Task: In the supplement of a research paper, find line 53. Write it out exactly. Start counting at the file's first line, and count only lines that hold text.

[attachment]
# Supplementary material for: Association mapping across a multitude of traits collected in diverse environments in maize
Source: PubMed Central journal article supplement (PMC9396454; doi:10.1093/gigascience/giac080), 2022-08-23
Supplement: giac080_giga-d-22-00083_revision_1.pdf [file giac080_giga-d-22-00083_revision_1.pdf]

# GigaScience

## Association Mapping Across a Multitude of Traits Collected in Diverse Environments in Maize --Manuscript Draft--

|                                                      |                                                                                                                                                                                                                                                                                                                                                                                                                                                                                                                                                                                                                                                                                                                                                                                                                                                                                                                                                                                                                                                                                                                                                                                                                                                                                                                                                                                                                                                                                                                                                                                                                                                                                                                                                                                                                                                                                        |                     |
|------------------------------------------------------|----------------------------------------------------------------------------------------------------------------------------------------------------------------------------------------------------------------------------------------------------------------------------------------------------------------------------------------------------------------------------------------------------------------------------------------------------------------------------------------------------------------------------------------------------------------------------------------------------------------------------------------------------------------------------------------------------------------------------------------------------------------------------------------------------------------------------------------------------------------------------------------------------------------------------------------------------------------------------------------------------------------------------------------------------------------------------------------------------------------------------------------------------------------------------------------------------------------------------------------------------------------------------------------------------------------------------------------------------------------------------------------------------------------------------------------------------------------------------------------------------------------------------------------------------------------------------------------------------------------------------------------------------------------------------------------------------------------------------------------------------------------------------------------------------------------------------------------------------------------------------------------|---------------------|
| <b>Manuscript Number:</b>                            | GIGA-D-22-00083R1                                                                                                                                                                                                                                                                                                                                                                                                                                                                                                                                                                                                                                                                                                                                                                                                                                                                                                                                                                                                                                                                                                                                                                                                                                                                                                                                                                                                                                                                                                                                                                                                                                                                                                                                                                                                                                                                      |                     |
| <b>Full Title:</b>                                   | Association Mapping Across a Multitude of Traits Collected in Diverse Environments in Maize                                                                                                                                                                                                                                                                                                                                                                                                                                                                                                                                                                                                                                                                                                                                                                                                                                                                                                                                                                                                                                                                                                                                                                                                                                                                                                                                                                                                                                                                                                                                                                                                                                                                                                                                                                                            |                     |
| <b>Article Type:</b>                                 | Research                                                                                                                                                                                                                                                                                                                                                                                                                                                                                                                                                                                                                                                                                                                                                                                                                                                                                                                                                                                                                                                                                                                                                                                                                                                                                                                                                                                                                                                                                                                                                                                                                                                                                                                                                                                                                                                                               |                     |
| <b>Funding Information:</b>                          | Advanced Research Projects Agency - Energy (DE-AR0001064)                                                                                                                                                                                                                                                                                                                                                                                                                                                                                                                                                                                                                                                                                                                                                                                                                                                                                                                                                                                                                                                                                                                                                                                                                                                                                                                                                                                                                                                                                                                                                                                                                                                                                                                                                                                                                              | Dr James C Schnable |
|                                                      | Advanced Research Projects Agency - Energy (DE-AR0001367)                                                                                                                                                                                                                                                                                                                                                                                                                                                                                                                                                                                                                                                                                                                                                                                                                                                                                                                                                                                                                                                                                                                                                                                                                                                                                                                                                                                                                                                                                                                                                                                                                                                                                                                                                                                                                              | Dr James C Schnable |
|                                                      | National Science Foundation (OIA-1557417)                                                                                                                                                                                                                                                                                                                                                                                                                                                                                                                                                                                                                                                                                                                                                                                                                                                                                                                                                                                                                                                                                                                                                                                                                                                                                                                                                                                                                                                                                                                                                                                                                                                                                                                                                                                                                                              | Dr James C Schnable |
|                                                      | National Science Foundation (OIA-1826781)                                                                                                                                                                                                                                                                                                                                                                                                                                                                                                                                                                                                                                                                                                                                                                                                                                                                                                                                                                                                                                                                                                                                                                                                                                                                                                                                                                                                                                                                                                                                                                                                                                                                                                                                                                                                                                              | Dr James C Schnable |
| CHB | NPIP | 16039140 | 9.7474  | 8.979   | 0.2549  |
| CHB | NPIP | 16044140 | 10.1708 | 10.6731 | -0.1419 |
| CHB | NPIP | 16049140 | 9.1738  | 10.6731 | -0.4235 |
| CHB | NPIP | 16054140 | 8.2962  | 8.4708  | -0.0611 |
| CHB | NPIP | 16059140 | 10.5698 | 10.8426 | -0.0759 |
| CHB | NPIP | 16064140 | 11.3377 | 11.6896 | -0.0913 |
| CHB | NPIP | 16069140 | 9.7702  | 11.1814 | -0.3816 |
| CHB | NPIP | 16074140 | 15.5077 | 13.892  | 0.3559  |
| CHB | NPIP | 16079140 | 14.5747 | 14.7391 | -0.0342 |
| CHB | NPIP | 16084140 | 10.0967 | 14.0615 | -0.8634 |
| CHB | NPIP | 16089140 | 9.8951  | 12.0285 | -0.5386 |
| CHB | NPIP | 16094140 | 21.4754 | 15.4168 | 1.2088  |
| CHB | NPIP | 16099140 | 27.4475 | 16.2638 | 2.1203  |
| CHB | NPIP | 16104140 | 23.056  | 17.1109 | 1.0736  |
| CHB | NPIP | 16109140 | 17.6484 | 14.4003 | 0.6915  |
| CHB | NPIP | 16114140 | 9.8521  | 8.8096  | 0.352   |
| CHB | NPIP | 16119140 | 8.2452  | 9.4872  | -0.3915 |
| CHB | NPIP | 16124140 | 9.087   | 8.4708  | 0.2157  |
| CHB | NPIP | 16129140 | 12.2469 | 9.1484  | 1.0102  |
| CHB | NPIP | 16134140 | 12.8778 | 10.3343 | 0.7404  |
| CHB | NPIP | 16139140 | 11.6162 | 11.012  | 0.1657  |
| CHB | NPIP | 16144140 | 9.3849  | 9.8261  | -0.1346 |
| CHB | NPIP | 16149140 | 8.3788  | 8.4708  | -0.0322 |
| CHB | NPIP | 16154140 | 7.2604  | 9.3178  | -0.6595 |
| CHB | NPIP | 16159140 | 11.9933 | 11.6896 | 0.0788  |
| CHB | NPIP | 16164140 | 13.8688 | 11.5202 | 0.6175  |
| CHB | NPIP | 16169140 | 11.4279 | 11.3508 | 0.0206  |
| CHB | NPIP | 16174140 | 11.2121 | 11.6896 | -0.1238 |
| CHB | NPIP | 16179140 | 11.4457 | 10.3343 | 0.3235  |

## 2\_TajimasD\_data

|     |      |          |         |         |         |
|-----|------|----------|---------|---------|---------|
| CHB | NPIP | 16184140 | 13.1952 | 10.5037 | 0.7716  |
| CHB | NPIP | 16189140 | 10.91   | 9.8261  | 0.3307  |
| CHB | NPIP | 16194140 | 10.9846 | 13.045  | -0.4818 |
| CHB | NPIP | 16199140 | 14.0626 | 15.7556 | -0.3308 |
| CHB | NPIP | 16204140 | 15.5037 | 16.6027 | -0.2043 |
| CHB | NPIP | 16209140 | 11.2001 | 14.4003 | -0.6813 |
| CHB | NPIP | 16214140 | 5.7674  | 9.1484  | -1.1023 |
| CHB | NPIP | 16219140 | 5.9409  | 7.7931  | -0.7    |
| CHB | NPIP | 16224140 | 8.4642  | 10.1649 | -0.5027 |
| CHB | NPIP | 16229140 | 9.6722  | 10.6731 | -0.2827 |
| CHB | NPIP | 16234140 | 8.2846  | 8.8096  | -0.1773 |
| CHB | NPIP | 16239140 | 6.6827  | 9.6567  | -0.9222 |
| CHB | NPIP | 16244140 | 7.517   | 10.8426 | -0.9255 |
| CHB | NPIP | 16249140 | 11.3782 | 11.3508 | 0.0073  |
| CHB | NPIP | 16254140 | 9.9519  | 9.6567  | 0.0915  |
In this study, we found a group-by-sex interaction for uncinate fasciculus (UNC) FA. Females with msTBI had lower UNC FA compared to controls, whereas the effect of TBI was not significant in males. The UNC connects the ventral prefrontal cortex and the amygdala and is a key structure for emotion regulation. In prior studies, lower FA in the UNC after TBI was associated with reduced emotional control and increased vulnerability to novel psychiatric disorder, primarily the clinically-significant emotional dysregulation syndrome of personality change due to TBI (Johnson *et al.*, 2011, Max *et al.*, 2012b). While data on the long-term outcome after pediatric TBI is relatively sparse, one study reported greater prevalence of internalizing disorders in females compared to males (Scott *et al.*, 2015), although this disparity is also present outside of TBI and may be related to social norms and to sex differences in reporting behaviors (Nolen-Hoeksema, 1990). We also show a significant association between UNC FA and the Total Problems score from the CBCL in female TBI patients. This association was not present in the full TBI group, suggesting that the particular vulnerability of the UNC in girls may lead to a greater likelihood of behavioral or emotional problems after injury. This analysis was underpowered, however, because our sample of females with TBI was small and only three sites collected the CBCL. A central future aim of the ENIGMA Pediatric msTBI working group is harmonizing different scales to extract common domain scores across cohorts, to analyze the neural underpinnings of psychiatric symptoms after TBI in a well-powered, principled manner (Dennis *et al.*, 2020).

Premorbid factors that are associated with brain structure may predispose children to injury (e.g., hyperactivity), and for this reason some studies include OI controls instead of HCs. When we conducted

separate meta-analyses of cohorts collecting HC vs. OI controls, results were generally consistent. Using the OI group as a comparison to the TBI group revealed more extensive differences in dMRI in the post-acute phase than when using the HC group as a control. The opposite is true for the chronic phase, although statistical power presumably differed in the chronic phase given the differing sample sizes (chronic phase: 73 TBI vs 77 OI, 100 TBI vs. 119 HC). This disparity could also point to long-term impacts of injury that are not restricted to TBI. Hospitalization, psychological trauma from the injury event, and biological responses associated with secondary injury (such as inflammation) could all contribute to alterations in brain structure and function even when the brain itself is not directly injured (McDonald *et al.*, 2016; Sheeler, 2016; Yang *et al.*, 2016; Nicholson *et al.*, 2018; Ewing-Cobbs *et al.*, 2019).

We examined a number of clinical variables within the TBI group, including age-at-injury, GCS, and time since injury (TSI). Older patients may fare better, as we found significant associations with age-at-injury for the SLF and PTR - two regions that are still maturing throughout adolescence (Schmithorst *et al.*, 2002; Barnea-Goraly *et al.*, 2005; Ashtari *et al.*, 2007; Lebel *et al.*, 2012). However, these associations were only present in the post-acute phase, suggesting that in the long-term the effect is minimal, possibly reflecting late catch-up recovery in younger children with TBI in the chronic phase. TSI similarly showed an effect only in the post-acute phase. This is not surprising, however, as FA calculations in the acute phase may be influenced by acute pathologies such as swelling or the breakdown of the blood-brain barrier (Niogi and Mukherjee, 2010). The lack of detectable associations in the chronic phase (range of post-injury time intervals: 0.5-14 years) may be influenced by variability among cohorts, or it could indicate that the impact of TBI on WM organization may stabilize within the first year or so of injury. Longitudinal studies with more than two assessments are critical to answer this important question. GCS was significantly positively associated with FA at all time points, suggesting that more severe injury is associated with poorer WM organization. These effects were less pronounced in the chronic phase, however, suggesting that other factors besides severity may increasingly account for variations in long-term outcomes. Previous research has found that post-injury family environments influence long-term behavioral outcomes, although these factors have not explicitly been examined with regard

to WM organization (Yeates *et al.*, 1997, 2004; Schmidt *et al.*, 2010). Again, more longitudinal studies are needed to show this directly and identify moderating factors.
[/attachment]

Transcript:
| CHB | NPIP | 16214140 | 5.7674  | 9.1484  | -1.1023 |